Issuing commands and exploiting their Factions’ special actions and various events, players build and maneuver forces to influence or control the populations of Britain, extract resources and build renown, and achieve their Factions’ aims. Cards regulate turn order, events, and victory checks.

The game’s most important functions are summarized on several aid sheets. The last few pages of this rule book list key terms in an index and explain how to set up. New players should start with the tutorial in the Playbook.

My Overview of Pendragon: The Fall of Roman Britain

PendragonMapv049

There is so much that is going on in this game, it is enough to make a person’s head spin at a glance. This is far from a light game and if you pick up the rule book, look at the map, or consider there are four factions with unique goals and objectives in the game, you might go run and seek the comfort of your game of Splendor with its simple, straight-forward, always-use-the-same-strategy gameplay.

That would be a mistake. Yes, this game is big and heavy and there are a lot of unique things going on in here. This is probably not the first game to look to if this is your first time exploring a heavy game. But wow, this game sounds really amazing and I don’t think it is quite as complex as it first appears. Here’s a simple breakdown:

Contenders reduced

There are four different factions vying for certain goals within Britain. The game takes place around 400 A.D. to begin and, depending on the scenario played, could span anywhere from 2-6 Epochs. The longer the game, the thicker the deck and the harder it might be to reach those win conditions. There is also a short scenario in there which reduces the win conditions on two of the factions.

The four factions all play unique, but at the start of the game there are some unique things going on: two of the factions are somewhat allied, meaning they will attack and defend together and can even dip into each other’s resource pool. The other two factions begin with no pieces on the board. Yes, you heard it correctly. Nothing on the board at the beginning of the game for two factions. So here are the four factions and what each one is trying to accomplish to win the game:

  • The Roman Dux faction – Depending on the point in time of the game, they are either adding their Prestige value and Prosperity (with two different possible values needed depending on the game state), or Prestige value and Population.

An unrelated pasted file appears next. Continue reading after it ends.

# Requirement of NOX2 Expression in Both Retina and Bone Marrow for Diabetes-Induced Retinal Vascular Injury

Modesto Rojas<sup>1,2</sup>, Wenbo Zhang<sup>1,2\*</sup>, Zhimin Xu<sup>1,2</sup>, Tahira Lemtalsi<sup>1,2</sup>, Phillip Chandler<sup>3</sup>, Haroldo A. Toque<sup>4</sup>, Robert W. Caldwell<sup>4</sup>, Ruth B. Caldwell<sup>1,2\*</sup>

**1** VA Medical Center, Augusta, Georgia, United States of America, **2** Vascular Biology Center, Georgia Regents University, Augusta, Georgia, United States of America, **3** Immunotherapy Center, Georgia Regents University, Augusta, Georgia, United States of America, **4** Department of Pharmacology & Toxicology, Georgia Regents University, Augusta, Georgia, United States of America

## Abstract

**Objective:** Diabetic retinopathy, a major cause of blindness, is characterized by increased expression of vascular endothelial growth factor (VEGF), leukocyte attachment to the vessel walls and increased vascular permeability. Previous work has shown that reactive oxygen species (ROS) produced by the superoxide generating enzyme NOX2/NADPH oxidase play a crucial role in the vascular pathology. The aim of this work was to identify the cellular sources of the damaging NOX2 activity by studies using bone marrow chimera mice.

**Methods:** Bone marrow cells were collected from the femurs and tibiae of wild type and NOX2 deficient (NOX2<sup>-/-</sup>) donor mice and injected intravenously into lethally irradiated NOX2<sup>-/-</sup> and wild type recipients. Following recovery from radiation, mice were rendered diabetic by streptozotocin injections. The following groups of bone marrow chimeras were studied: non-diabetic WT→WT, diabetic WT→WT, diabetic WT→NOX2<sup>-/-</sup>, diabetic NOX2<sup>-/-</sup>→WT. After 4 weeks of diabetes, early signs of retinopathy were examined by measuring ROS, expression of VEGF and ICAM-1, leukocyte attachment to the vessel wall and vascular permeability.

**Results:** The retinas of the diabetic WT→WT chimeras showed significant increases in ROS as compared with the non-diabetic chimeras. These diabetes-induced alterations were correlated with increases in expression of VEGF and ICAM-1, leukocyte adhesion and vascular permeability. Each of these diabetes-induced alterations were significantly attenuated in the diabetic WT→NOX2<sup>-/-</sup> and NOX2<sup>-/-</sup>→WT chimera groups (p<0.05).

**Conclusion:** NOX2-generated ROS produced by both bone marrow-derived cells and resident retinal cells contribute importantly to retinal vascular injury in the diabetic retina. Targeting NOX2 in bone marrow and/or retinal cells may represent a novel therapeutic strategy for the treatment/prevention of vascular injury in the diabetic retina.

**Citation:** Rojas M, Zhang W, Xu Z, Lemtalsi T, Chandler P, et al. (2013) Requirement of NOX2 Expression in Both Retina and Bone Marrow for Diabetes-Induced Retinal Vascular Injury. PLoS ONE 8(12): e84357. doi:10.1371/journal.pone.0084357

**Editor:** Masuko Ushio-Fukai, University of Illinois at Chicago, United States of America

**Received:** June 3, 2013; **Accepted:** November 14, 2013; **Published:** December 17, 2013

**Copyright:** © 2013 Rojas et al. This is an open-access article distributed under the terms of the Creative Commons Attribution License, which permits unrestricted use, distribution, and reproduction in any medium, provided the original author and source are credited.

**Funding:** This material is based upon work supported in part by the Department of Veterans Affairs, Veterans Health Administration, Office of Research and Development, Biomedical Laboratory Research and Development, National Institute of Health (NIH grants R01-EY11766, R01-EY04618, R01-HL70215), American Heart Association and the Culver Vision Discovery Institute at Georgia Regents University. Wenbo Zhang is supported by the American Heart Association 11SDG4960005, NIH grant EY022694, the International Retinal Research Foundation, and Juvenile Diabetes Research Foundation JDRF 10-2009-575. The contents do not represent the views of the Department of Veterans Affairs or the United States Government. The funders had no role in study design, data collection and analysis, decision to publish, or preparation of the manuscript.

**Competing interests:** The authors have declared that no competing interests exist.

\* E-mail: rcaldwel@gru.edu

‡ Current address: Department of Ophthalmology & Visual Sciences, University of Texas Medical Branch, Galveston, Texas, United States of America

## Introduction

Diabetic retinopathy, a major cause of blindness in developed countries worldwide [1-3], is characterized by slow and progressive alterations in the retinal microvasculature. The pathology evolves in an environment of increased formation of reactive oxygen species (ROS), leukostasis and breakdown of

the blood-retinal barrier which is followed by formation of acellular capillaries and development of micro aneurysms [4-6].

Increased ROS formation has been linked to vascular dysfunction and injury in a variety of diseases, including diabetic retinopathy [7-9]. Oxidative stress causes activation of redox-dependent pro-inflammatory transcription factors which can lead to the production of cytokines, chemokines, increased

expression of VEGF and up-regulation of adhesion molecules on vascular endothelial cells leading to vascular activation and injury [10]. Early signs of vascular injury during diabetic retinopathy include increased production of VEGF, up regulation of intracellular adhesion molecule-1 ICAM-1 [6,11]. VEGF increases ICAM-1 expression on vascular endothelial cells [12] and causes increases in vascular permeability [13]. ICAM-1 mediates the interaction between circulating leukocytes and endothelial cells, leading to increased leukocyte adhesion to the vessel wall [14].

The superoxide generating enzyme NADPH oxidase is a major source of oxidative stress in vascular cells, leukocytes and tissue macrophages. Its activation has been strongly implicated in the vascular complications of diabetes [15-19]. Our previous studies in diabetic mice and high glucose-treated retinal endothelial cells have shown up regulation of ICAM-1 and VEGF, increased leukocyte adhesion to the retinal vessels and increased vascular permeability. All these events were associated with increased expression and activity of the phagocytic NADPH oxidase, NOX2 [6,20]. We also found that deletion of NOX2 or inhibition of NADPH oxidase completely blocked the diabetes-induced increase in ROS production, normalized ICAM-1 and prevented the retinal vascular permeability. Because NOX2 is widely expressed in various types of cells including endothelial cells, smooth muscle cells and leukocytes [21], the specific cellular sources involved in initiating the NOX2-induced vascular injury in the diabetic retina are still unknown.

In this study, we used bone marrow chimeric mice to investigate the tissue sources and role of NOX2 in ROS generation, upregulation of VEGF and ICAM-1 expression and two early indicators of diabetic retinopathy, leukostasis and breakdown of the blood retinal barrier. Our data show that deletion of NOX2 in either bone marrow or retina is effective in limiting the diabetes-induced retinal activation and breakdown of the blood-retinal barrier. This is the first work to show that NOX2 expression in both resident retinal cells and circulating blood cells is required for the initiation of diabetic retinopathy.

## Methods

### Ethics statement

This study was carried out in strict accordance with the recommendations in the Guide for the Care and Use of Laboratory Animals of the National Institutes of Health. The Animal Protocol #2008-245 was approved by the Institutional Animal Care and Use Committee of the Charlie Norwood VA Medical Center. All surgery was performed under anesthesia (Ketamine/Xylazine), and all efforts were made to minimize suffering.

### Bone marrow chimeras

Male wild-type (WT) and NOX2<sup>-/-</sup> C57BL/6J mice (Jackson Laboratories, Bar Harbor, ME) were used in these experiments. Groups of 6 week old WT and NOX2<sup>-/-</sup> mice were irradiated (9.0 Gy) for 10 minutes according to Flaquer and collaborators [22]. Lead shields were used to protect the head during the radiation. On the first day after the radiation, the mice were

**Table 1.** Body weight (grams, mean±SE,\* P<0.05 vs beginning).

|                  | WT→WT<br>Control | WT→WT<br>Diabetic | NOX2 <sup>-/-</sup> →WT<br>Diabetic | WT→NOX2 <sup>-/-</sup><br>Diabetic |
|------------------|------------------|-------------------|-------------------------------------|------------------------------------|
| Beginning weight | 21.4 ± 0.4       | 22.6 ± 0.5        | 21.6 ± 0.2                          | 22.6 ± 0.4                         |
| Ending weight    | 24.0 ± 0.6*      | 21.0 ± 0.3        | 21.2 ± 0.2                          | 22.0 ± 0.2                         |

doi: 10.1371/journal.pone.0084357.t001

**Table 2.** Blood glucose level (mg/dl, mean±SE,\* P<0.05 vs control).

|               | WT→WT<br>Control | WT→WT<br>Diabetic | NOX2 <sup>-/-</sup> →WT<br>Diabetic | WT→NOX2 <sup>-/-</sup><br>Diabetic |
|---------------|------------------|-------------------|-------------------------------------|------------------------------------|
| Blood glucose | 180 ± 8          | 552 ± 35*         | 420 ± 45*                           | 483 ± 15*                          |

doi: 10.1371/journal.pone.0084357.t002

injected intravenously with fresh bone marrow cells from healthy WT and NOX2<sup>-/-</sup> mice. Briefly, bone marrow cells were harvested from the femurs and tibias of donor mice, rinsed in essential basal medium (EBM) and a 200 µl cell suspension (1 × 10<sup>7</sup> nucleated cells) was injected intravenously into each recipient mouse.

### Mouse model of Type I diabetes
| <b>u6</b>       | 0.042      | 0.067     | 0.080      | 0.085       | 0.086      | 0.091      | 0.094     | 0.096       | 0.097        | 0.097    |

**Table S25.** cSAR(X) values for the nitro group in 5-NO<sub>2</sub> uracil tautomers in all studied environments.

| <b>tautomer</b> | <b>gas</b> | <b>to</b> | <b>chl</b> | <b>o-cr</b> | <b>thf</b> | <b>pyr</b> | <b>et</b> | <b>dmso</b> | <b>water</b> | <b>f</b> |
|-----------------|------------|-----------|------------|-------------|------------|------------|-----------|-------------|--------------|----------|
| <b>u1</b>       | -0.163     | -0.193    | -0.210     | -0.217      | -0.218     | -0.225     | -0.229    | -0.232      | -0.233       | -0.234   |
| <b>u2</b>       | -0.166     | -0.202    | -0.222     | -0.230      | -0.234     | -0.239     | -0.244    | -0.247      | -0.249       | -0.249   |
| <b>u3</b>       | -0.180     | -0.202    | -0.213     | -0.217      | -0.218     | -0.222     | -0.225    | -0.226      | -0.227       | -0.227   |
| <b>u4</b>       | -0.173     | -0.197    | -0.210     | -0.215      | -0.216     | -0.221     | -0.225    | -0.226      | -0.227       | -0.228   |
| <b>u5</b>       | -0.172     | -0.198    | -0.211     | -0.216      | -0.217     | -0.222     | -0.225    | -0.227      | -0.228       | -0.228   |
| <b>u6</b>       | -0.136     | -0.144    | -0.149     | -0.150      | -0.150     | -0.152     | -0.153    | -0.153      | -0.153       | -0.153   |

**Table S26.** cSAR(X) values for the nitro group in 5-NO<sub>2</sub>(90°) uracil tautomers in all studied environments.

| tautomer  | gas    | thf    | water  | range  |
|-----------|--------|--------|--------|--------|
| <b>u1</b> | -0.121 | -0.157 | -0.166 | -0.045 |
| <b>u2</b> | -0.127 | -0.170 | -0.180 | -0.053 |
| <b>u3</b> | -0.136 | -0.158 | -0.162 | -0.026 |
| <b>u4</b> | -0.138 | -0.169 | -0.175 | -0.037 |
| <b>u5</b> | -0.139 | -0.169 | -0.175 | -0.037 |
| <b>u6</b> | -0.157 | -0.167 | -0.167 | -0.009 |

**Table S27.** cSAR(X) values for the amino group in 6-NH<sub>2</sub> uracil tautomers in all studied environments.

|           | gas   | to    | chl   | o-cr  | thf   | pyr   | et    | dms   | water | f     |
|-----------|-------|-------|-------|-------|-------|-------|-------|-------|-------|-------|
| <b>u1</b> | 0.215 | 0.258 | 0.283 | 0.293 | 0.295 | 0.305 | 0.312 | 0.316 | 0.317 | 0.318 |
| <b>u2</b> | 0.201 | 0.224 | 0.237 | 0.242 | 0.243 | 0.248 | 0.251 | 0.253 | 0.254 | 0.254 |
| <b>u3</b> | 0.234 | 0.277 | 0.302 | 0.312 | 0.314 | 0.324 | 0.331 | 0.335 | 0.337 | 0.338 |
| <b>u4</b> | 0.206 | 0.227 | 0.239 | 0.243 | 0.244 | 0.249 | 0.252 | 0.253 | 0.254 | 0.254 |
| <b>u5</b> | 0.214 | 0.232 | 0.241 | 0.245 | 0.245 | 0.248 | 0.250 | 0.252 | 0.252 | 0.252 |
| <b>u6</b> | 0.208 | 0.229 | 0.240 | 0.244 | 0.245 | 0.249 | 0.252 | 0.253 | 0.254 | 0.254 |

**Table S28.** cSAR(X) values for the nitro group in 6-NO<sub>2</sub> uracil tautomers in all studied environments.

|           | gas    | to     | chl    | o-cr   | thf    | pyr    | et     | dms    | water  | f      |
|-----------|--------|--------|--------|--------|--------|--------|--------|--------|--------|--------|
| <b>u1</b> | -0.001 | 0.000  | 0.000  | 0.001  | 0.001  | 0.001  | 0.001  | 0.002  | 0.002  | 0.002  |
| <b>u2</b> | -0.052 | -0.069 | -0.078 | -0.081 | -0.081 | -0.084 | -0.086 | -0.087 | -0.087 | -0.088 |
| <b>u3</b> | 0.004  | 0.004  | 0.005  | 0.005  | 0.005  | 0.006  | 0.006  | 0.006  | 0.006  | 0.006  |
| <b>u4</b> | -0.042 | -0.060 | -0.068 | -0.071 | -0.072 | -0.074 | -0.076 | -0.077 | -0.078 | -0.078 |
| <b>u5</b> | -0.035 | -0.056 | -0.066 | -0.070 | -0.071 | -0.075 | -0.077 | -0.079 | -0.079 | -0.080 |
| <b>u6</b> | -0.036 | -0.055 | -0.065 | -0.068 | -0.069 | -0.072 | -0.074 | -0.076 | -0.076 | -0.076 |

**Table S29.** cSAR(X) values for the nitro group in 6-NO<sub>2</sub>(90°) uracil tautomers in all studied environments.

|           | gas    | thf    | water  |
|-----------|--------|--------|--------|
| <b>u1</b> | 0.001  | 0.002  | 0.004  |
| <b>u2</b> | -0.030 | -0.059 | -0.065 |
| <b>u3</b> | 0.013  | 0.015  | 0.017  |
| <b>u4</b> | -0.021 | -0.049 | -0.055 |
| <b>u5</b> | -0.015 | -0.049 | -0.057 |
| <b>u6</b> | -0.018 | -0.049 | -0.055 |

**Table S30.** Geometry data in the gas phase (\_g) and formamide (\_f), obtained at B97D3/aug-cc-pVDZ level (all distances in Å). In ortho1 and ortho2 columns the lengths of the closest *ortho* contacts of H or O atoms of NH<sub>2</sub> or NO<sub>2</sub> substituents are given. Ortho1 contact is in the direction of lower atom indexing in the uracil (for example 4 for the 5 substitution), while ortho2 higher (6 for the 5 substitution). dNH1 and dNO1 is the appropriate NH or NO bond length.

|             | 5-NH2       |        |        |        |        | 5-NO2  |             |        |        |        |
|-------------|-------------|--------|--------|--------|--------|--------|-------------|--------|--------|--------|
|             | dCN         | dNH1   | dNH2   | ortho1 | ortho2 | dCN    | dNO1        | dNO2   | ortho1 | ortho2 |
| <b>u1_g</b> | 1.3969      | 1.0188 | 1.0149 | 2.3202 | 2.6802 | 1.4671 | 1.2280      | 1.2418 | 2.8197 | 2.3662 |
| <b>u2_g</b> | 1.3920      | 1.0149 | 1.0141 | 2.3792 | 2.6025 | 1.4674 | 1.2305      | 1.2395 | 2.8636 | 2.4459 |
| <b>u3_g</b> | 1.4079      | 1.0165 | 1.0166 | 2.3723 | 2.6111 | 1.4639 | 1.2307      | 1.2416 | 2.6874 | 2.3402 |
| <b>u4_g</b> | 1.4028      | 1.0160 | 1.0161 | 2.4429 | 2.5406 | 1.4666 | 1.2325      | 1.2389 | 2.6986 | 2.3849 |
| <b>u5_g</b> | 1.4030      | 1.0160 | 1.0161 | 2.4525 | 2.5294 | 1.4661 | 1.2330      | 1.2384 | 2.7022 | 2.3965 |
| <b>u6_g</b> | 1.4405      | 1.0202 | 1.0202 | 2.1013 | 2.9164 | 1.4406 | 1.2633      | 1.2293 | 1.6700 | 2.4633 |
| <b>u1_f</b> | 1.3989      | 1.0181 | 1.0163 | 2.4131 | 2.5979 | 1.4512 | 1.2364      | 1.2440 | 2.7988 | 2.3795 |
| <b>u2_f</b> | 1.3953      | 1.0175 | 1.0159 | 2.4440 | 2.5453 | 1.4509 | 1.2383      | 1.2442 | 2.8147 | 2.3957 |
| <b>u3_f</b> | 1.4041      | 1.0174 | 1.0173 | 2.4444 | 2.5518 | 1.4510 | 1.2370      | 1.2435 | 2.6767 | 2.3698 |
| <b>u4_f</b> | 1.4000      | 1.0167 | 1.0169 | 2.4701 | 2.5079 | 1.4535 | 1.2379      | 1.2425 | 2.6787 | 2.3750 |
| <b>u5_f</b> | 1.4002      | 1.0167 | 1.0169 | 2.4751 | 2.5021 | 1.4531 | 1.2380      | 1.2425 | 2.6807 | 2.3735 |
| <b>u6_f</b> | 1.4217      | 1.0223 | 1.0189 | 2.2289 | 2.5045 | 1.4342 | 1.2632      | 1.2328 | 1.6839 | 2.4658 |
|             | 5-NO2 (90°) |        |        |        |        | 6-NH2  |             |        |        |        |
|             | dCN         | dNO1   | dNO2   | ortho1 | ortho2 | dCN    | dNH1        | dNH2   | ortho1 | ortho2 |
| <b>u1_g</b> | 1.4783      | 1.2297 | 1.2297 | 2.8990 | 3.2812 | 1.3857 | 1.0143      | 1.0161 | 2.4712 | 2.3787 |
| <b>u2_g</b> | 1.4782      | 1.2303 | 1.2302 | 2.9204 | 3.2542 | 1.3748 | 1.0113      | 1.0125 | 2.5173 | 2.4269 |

• The Civitates faction – Their sole goal is to influence the population under Britain control via resettling refugees. They are the British nobles, trying to throw off the Roman control while warding off the invaders.
  • The Saxon faction – They are trying to increase their Renown while also forming Settlements in Britain. They can also win by controlling population on the island and shifting things into their favor through settlements. Think of this as trying to increase their glory while also “peacefully” settling the land they are invading.
  • The Scotti faction – They have similar objectives to the Saxons, needing both Renown and Settlements on the map. However, they are not trying to control the population.

Awaiting Pendragon's Invitation reduced

During the game, cards are played from the deck one at a time, with one card ahead (so the next in the queue after the current one) revealed to all players. Each Event card shows the order in which the Factions become eligible to choose either that Event or from a menu of their unique list of Commands and Feats. Executing an Event or Command makes it so that Faction is unable to do that on the next available card. In the deck there are also Epoch cards mixed in, which provide opportunities to fulfill instant win conditions and complete activities such as collecting resources.

This cycle will continue until either the Epochs are all complete (there are two in a short game, four in a medium game, six in a long game) or until one player fulfills their win condition.

There are a ton of excellent aspects to this game, and those are all covered by the GMT Insider articles far better than I could do. At the very bottom of this post, you’ll find links to all ten current articles which break down one core mechanic at a time in an effective way. And hopefully by now you haven’t been scared off from the game. It might be a little intimidating, but you can handle it. For a deeper dive into what this game includes and what the factions are, I can make no improvement to the description of this game found on GMT Games’ website.

Description of the game from the GMT Games page:

BedaFomm1LucasBrooks

Pendragon leverages the tremendous flexibility of the COIN system, from dual events to dissimilar approaches and victory conditions, to capture the complexity of the period and let the players explore alternative narratives. Unlike earlier volumes, Pendragon is not about counterinsurgency per se, but focuses on the asymmetrical clashes between and among Romano-British authorities and Barbarian powers gnashing over the carcass of the Roman Empire, including: